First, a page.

Saudi women register to vote for the first time
The country still has a long way to go, but the move is a huge step towards equal rights.Peter Iantorno August 20, 2015
This week, for the first time in history, women in Saudi Arabia registered to vote.
In a watershed moment for the country, which previously hadn’t allowed women to either stand or vote in elections, registration for voting in the municipal elections, due to take place in December, was opened to women in Medina and Mecca.
While the initial turnout was startlingly low (just five women registered in Medina and seven in Mecca during the first day), registration is set to open for the entire country on Saturday and a far higher turnout is expected before registration closes on September 14.
The decision to allow women to vote was brought about by the late King Abdullah, who first announced that women would be granted equal voting rights four years ago as part of a larger gradual reform effort.
As well as being allowed to vote in the upcoming municipal election, the new rules dictate that women can also stand for election, and according to Arab News, up to 80 women across Saudi Arabia will stand for seats on the civic council when the country goes to the polls in December.
The reforms have also seen Saudi Arabia take other small steps towards gender equality, including the first mixed-sex university and the appointment of Noor Al Fayez as the country’s first female minister.
While the move has been met mostly with praise, the country still faces criticism in some quarters from those who say the reforms don't go far enough.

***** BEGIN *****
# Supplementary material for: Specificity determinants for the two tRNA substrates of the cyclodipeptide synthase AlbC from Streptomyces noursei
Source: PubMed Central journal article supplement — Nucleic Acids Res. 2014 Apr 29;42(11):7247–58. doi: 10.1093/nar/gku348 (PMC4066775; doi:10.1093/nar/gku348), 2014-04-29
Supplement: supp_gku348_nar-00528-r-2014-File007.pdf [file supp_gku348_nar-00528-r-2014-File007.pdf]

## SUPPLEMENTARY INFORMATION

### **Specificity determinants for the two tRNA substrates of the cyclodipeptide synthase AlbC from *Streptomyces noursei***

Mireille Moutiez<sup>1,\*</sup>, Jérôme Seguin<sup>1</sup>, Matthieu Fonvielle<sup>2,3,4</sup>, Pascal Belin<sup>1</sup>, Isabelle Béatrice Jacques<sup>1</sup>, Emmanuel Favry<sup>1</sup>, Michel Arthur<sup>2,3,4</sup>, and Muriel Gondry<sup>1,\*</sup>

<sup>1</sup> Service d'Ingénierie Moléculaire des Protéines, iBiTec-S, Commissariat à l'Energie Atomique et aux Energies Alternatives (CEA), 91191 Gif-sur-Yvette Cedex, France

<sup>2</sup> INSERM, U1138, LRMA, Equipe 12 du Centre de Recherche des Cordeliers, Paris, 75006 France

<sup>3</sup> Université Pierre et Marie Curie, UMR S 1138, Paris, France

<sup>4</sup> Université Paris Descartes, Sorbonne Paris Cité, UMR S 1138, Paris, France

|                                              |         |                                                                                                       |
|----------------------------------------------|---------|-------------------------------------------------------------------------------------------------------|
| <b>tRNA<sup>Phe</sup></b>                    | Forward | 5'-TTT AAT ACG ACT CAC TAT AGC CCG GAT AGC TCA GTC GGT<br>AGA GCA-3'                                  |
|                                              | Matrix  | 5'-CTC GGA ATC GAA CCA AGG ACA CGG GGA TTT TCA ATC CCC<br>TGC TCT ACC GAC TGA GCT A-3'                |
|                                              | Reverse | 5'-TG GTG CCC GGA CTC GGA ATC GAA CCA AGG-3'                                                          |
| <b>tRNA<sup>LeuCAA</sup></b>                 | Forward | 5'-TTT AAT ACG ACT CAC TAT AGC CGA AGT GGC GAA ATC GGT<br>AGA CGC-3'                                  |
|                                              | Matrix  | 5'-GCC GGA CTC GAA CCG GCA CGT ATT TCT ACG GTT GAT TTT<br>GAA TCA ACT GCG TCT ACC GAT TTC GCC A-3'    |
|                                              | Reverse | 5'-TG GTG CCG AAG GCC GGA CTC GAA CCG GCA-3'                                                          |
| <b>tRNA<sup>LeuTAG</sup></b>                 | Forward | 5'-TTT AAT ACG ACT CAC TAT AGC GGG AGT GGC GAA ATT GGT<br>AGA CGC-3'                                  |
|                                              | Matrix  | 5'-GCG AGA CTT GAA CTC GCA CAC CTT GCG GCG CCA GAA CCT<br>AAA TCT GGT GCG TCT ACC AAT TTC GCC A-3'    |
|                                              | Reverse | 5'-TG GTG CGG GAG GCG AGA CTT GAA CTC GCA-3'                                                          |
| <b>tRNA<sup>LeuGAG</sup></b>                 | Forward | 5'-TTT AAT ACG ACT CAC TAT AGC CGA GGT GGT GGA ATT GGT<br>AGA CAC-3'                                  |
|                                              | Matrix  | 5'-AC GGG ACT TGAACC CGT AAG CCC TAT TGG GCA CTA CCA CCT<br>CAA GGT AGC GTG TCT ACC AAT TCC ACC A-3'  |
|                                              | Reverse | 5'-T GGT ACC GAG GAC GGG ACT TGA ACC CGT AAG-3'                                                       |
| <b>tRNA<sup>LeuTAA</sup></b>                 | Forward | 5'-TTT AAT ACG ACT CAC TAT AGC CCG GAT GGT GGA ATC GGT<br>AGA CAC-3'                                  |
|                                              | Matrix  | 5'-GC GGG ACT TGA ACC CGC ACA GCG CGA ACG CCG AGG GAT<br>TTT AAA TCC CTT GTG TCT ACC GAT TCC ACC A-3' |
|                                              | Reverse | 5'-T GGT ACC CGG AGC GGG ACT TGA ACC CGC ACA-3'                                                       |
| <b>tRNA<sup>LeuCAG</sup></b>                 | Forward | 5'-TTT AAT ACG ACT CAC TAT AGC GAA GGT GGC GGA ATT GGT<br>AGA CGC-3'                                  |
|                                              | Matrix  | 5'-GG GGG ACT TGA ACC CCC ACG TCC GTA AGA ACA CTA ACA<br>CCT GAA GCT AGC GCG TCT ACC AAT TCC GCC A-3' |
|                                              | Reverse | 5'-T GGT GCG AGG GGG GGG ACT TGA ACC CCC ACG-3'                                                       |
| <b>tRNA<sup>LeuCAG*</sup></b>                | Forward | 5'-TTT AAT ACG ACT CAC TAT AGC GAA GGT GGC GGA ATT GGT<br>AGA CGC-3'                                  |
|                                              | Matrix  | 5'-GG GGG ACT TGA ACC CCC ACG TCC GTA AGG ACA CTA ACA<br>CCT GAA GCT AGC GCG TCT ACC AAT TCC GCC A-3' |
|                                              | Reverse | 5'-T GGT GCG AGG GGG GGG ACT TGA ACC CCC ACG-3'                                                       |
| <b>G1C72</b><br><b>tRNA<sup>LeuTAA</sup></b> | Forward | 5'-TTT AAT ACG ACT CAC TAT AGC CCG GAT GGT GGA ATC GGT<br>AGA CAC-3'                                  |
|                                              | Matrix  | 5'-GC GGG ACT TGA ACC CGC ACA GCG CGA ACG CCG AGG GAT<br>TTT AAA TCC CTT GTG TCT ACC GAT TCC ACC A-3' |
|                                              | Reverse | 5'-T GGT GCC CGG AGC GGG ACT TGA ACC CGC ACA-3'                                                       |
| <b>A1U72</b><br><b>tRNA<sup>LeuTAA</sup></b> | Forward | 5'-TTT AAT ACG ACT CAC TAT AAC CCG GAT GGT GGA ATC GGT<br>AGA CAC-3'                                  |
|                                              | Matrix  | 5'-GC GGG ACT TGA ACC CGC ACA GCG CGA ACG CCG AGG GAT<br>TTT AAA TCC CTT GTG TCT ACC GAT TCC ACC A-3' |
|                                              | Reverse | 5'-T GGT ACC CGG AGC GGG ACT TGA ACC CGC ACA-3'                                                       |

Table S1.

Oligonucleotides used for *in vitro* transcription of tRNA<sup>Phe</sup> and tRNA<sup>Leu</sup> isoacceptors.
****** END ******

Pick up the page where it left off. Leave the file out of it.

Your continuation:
“This long overdue move is welcome, but it’s only a tiny fraction of what needs to be addressed over gender inequality in Saudi Arabia,” a spokesperson from Amnesty International said in reaction to the news.
“Let’s not forget that Saudi Arabian women won’t actually be able to drive themselves to the voting booths as they’re still completely banned from driving. Many wide-ranging reforms are still needed for human rights to become a reality in Saudi Arabia.”
The 'ban on driving' the Amnesty International spokesperson refers to is certainly an area of concern, and something that must be addressed if Saudi is to complete the transition into gender equality.
While there isn’t actually any law prohibiting women from driving in the country, there are religious edicts issued by conservative Muslim clerics, which prevent women from obtaining licences. One cleric even claimed that driving could harm a woman’s ovaries – a suggestion, it must be said, that was ridiculed by most Saudis.
While there is clearly a long way to go on the route to gender equality in Saudi Arabia, there can be no doubt that the move to give women the vote is at least a step in the right direction.